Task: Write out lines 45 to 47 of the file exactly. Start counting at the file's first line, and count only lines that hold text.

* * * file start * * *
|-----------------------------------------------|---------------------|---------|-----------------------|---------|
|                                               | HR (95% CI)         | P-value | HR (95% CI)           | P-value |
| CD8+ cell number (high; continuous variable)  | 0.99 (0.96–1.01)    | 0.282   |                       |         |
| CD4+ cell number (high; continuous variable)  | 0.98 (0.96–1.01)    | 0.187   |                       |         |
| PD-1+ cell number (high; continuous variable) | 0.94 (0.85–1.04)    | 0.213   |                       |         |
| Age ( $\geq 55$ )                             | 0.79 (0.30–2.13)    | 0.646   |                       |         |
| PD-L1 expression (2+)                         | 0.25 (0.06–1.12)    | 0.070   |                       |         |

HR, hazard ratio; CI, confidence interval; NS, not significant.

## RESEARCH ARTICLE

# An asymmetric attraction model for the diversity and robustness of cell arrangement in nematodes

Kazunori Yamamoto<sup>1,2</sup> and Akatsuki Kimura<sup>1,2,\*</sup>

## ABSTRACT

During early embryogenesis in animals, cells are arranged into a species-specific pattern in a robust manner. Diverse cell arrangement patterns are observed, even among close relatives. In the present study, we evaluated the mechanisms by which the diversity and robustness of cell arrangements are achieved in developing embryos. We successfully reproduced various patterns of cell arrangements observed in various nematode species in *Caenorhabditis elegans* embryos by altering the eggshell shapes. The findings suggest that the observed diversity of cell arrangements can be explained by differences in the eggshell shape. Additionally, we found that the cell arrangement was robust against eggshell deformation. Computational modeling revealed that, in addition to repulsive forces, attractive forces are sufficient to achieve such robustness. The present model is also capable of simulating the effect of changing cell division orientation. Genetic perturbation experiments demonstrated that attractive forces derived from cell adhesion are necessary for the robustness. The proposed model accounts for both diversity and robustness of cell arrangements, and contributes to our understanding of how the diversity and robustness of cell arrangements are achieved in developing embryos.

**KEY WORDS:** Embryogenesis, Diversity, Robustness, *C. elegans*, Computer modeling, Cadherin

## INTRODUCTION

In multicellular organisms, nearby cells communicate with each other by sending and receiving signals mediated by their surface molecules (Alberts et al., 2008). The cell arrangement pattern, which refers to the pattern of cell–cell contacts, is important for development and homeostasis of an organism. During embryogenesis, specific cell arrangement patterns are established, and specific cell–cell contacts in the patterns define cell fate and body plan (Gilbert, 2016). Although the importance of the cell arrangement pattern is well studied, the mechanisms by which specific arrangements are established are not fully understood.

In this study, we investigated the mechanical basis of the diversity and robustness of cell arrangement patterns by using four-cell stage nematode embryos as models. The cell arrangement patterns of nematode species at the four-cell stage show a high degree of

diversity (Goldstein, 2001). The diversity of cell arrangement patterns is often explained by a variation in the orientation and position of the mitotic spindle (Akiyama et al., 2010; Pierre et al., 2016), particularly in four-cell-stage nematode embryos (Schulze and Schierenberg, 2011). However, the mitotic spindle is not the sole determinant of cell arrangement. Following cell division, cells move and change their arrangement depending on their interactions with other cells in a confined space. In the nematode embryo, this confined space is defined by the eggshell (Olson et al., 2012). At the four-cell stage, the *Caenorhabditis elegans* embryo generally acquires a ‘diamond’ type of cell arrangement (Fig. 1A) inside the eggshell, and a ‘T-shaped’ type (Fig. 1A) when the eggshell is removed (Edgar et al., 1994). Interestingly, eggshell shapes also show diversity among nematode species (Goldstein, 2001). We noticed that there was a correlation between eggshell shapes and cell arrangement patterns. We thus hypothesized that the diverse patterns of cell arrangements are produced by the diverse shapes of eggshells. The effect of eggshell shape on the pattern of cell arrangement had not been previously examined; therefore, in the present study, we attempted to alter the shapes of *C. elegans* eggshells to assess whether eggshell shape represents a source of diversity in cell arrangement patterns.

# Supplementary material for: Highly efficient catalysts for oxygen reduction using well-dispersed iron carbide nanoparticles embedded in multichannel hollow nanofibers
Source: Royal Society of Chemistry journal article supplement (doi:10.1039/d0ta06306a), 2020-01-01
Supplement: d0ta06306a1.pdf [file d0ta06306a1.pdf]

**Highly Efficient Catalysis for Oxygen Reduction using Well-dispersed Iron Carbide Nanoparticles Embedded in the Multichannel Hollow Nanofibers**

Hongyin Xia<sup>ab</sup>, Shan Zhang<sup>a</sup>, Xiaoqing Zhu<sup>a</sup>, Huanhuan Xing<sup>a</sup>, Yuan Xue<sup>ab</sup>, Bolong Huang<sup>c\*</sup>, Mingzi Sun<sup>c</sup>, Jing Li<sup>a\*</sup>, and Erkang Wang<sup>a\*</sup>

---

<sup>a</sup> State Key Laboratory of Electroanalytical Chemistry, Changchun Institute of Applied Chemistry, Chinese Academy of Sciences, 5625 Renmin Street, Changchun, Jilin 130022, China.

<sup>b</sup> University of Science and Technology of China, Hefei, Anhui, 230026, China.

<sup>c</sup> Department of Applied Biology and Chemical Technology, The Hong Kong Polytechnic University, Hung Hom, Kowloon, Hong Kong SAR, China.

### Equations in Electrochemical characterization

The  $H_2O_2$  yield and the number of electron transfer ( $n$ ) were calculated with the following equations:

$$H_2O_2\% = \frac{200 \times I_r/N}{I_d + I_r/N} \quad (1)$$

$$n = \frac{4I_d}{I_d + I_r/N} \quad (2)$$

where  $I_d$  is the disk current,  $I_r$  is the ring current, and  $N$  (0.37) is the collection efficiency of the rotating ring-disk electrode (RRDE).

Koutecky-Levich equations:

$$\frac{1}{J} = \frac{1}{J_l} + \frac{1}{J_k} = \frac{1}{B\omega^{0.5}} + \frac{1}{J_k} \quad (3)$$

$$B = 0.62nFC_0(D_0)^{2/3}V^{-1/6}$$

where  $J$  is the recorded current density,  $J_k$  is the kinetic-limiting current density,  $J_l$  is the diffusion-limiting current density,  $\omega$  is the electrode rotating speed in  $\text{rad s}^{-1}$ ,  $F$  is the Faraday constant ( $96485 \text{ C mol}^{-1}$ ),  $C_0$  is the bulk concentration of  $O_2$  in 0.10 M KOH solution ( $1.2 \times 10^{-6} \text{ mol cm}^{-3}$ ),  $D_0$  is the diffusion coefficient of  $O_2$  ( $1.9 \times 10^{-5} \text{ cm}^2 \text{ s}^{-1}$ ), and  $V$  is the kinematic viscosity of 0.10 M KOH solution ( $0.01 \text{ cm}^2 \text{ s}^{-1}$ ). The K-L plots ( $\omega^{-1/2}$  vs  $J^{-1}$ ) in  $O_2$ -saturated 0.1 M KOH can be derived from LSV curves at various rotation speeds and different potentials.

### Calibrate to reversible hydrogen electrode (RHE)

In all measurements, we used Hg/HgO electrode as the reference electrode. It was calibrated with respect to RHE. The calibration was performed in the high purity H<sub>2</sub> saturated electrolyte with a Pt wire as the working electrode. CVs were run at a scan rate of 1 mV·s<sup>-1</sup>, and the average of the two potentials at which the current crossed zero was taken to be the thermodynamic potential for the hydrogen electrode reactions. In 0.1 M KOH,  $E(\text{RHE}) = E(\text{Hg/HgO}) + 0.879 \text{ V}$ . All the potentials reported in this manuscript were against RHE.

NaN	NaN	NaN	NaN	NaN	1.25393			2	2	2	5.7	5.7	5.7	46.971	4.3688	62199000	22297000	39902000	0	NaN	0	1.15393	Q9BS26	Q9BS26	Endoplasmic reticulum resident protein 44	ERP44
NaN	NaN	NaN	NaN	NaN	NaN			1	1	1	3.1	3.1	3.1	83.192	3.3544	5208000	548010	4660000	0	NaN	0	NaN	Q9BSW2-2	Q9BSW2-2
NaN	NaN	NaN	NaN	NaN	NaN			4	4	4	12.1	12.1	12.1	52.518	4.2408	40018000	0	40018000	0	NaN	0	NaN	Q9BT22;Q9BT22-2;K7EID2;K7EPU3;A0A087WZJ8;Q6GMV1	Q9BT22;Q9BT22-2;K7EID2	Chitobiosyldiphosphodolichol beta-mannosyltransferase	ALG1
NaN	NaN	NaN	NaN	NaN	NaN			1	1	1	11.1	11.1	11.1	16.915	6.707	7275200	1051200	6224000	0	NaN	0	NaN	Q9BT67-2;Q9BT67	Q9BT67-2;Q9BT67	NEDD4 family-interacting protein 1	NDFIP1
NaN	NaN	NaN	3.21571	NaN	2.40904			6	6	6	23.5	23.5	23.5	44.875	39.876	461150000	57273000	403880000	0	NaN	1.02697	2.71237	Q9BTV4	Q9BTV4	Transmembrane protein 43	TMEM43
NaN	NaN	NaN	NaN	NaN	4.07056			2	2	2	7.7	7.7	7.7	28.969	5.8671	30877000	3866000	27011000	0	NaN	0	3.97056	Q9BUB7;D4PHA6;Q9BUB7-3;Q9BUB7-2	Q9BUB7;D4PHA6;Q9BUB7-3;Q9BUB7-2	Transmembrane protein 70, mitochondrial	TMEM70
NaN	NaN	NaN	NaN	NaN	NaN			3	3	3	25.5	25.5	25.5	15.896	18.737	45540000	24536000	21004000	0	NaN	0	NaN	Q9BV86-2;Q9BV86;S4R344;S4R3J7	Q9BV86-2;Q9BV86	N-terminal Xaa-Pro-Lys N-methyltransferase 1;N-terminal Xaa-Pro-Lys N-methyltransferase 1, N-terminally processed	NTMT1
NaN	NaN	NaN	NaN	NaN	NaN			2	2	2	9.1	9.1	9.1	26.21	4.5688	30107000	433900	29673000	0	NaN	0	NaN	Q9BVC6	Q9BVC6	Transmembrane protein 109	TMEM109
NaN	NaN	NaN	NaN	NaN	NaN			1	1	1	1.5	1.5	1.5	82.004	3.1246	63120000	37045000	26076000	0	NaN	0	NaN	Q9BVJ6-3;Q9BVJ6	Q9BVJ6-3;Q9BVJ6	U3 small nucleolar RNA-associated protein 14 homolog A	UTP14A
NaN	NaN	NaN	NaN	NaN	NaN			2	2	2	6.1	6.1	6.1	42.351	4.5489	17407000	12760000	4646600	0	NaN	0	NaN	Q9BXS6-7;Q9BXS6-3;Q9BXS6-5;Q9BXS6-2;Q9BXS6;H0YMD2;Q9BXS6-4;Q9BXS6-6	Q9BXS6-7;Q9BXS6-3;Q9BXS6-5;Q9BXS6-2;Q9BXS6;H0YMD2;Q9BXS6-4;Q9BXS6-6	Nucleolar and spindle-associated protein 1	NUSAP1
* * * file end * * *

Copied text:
NaN	NaN	NaN	NaN	NaN	NaN			3	3	3	25.5	25.5	25.5	15.896	18.737	45540000	24536000	21004000	0	NaN	0	NaN	Q9BV86-2;Q9BV86;S4R344;S4R3J7	Q9BV86-2;Q9BV86	N-terminal Xaa-Pro-Lys N-methyltransferase 1;N-terminal Xaa-Pro-Lys N-methyltransferase 1, N-terminally processed	NTMT1
NaN	NaN	NaN	NaN	NaN	NaN			2	2	2	9.1	9.1	9.1	26.21	4.5688	30107000	433900	29673000	0	NaN	0	NaN	Q9BVC6	Q9BVC6	Transmembrane protein 109	TMEM109
NaN	NaN	NaN	NaN	NaN	NaN			1	1	1	1.5	1.5	1.5	82.004	3.1246	63120000	37045000	26076000	0	NaN	0	NaN	Q9BVJ6-3;Q9BVJ6	Q9BVJ6-3;Q9BVJ6	U3 small nucleolar RNA-associated protein 14 homolog A	UTP14A